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Silver and gold smithing traditions Celuk village

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Author Topic: Silver and gold smithing traditions Celuk village  (Read 1635 times)
Taogem
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« on: February 09, 2008, 03:29:36 am »

Silver and gold smithing traditions alive in Celuk village

The creation of jewelry has always been linked to religious and ancient beliefs in Bali where the line between the temporal and spiritual world blur.

In Celuk village,  between Batubulan and Sukawati on the Ubud road, just an hour from Nusa Dua, the sounds of hammering, chiseling and filing echo from almost every house in the neighborhood.

The village has been renowned as Bali’s center for home-based jewelry manufacture for hundreds of years, today evolving into a prominent jewelry making center with clients coming from all over the world.

Dozens of art galleries and jewelry shops line the village streets, their shop windows displaying a vast array of silver and gold jewelry and crafts. 

As the island’s jewelry production center, the range in products and designs is vast with silver and gold earrings, necklaces, pendants, brooches, rings, bracelets, and other accessories.

The work is distinctly Balinese; religion and belief informing design and cultural heritage distinctively marking these creations.

Intricate batik-like carving is a hallmark of much of the work and becomes the central theme of a large hair pin, worn by men and women for certain ceremonies.

Many designs are inspired by ancient Balinese mythology; others are highly contemporary with Western influences in the design elements. 
Regardless of the designs, the centuries-old craftsmanship is still clearly reflected in the quality of the jewelry produced in the village.

Traditionally, the manufacture of metal products could only be undertaken by members of  the Pande (smith) clan, but the rapid growth in business opportunities has drawn almost every family in the village, and even “outsiders,” into the jewelry making industry in Celuk. 

From this little Balinese village, these had-made works of art in miniature are exported to some of the largest cities in the world.

“We create superb hand-made silver crafts and jewelry to meet the demand of the world’s upscale jewelry markets in Tokyo, London and New York,” said Runi Palar, one of Indonesia’s most respected jewelry designers and producers.

Her company, Runa Jewelry with offices in Batubulan, Bali, and Bandung in  West Java, produces masterpieces of jewelry.

Another jewelry maker, Desak Nyoman Suarti, with her company Suarti Collection, embarked on the perfect hybridization of traditional and contemporary jewelry designs. Beautifully crafted by hand, Suarti’s collections are worn by women around the world.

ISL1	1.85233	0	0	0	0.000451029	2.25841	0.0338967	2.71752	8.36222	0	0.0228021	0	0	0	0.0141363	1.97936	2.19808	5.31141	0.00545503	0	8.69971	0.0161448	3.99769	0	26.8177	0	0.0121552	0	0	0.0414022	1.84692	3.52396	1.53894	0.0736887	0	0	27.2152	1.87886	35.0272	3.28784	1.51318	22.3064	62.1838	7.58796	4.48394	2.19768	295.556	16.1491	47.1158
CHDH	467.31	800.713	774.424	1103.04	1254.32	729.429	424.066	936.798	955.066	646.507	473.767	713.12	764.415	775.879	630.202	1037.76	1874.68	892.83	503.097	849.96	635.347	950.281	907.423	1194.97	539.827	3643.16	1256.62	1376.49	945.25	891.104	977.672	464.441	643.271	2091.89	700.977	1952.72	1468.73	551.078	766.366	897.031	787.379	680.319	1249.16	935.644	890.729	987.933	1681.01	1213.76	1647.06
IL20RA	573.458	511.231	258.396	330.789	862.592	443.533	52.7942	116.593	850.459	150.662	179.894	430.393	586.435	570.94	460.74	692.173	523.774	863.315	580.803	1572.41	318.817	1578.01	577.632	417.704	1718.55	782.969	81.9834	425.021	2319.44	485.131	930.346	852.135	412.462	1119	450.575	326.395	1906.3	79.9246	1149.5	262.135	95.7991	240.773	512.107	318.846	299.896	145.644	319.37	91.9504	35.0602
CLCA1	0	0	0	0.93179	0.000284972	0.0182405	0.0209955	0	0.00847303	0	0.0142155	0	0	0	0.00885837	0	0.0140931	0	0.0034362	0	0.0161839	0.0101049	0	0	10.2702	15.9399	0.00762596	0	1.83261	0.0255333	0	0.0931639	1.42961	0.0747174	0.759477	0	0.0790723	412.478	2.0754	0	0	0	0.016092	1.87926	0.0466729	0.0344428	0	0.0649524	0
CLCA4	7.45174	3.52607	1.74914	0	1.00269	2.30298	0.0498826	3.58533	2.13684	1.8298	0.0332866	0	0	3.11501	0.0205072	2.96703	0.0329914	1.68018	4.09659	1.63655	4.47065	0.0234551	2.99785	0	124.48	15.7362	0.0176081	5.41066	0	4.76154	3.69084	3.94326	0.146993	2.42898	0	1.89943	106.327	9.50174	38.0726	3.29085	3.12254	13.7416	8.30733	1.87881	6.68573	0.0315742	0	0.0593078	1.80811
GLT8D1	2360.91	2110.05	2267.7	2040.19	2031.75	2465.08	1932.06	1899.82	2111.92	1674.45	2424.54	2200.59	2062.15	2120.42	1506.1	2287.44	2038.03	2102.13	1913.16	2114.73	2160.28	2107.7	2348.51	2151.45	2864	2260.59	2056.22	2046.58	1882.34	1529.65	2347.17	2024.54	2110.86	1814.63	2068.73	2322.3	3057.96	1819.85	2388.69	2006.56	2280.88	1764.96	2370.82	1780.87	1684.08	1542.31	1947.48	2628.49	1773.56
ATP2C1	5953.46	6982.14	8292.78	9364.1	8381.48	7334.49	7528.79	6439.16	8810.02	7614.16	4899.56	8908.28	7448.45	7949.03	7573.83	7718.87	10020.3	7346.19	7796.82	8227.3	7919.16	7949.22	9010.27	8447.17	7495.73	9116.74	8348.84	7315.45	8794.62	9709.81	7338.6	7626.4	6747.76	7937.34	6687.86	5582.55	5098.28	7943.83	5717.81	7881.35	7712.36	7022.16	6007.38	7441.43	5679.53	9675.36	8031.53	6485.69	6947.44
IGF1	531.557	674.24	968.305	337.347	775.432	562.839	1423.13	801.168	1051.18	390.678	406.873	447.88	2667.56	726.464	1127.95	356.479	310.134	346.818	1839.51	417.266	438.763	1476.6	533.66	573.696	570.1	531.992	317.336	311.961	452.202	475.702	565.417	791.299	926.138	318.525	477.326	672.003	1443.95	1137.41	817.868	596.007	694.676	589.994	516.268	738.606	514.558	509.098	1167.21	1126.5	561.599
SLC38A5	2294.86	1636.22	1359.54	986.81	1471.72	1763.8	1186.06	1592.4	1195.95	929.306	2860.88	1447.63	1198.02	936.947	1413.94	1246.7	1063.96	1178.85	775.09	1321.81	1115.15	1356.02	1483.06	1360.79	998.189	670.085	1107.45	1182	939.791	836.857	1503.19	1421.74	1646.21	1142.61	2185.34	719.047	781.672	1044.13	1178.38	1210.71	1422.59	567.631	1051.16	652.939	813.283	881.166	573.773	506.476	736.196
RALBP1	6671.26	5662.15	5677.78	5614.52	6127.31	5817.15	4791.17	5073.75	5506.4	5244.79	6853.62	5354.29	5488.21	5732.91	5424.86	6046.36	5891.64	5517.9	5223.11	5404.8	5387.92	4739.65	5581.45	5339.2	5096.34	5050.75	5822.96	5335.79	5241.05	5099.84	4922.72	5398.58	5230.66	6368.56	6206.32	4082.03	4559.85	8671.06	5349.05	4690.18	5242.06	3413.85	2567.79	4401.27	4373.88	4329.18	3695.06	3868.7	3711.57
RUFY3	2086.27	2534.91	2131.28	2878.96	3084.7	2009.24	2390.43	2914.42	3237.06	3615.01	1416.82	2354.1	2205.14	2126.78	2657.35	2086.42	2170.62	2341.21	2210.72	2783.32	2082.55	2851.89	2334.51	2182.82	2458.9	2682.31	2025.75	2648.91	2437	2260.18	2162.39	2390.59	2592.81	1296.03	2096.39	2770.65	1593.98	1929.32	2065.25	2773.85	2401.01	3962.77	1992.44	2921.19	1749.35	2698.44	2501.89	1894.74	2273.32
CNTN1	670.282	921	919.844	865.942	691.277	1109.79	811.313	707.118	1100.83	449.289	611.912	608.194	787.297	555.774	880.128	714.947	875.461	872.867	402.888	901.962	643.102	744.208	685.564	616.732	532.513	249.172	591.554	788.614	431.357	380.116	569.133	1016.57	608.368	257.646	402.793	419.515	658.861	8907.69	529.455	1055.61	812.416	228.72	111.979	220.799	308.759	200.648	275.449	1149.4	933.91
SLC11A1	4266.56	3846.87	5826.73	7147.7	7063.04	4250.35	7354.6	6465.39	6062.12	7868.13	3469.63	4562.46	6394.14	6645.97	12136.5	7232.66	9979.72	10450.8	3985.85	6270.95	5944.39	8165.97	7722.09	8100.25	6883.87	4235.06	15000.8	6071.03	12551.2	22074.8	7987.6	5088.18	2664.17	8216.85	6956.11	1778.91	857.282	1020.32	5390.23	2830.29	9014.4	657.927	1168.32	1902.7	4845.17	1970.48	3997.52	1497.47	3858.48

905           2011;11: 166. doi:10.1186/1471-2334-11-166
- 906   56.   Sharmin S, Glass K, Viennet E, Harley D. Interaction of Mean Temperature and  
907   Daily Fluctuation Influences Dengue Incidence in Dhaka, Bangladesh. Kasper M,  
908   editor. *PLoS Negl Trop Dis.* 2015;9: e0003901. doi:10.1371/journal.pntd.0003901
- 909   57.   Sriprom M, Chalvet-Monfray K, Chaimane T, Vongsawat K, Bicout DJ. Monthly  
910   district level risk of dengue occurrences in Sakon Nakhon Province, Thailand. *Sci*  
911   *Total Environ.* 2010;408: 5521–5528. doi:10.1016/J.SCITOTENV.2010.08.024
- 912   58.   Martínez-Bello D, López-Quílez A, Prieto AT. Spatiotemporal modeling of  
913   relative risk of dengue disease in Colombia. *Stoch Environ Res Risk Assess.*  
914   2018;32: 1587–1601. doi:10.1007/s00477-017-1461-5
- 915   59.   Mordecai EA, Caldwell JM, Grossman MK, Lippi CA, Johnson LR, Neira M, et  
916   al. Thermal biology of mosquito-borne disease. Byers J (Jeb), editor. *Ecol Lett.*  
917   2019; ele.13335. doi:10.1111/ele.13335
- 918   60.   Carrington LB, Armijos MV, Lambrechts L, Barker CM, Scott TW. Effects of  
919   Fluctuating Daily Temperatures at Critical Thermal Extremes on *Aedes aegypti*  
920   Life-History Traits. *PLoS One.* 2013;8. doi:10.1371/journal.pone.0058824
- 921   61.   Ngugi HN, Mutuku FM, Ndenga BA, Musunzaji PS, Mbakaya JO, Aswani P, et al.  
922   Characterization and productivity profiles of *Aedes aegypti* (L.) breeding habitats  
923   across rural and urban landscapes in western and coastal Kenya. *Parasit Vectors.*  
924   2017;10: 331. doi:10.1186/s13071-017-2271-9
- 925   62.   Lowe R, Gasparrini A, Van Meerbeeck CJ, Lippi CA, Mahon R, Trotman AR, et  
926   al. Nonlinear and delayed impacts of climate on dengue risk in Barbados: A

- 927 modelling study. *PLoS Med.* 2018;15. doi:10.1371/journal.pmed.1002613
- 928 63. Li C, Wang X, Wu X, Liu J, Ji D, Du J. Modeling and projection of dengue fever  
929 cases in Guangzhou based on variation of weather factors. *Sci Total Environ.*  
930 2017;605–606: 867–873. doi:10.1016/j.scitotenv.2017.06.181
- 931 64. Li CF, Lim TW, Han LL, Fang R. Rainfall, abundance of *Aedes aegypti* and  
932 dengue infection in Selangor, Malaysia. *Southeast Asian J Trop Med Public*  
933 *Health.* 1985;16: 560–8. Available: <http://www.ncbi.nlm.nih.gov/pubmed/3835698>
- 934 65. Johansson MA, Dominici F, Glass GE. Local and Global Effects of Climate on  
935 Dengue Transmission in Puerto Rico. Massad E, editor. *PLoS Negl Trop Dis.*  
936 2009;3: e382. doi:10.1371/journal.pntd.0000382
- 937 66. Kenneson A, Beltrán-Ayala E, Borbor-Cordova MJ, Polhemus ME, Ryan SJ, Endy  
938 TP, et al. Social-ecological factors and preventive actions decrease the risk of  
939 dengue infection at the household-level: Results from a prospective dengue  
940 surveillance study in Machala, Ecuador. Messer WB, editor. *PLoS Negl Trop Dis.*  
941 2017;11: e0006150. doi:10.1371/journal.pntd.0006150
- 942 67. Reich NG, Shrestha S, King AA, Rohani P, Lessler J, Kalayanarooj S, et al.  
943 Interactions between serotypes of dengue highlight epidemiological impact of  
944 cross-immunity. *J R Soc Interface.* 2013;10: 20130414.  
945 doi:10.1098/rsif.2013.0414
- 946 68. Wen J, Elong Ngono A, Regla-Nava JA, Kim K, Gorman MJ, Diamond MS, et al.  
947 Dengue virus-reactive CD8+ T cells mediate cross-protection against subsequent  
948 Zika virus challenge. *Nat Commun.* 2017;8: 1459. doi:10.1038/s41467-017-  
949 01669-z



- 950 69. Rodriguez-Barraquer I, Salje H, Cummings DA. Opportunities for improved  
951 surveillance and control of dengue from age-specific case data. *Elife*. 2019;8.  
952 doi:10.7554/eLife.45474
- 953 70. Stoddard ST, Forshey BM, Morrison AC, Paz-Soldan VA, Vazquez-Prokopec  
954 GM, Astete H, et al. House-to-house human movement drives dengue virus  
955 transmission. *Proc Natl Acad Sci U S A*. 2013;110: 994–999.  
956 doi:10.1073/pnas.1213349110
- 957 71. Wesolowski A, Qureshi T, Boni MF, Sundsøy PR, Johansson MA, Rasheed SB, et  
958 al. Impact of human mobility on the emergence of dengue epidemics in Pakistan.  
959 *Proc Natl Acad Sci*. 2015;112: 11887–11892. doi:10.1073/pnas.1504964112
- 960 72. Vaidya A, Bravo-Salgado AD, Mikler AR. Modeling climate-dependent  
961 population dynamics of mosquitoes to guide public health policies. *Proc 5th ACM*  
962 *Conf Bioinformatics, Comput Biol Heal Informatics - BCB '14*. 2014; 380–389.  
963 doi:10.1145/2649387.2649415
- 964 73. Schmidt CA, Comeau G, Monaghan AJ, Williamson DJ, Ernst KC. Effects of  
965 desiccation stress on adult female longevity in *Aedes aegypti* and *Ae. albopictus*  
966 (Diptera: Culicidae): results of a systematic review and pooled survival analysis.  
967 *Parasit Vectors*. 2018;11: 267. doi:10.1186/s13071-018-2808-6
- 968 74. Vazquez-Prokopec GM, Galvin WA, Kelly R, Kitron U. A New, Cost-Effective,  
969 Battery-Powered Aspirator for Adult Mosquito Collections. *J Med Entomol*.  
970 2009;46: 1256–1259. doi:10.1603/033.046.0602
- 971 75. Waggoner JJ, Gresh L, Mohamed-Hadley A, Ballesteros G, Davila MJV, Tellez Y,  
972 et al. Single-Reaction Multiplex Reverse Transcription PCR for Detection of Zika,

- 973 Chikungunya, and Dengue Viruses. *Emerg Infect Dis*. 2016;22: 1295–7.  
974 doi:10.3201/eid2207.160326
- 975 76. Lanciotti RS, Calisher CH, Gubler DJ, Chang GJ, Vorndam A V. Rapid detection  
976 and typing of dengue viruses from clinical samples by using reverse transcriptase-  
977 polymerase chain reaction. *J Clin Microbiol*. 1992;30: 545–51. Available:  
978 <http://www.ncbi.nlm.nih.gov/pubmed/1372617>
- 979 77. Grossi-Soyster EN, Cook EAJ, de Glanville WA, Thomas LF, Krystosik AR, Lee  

“Our jewelry is made as ‘wearable art forms,” Suarti said.

The present export-oriented silver and gold jewelry industry was started by the Pande (smith) clan, and today almost every home in Celuk village has at least a small silver and gold smithing studio.

Bali’s silver and gold smithing dates back centuries to around the fifth century.

The art of metal work arrived in Indonesia during the Bronze Age from Southern Chinese and Southeast Asian areas. Bronze drums, dating from as early as the fifth century BC, have been found throughout the archipelago, and some of them are believed to have been cast in Bali.
But no one knows the origin of the Balinese goldsmith Pande clan.

Ancient Hindu lontars (books of inscriptions written on palmyra leaves) tell of the mythical history of the arts. In one, the gods were sent to Earth to teach men how to behave.

The god Mahadewa trained the goldsmiths and silversmiths while Sang Citra gave them specific instruction in jewelry making. Smiths who worked with precious metals were called, "pande mas," goldsmiths, from then on.

Another lontar inscription, tells that a Brahmin, Empu Sari, from the Javanese Majapahit Empire first taught the Balinese to work gold. Yet another calls the first goldsmith Sang Mangkukuwan, or eldest son of Vishnu, the god of creator.

The clan’s craftsmen catered to aristocrats in the nearby court in Gianyar regency and the noble houses of Sukawati and Ubud. Historically, the Royal Courts of Bali were avid patrons of the arts, which they viewed as expressions of their sacred and temporal power.

Today it is still only members of the Pande Clan who are entrusted with the creation of sacred ritual paraphernalia used by Hindu high priests in various major rituals. 

Balinese smiths still produce beautiful silver and gold ornaments for domestic use but the majority of production is silver work for the export market. International demand has grown so rapidly that new centers of production have sprung up in Denpasar and Kuta.

In recent years, Celuk has absorbed young people from diverse backgrounds who train and work side by side with others whose families have been working with precious metals for hundreds of years. There has also been a significant influx of silver and goldsmiths from the island of Java.

“Even young women are now working in the workshop,” said a producer. In the past, women were not allowed to produce silver and gold ornaments.

The multi-million dollar home-based industry is today a vital element in the economy of Celuk and nearby areas.(Rita A.Widiadana)

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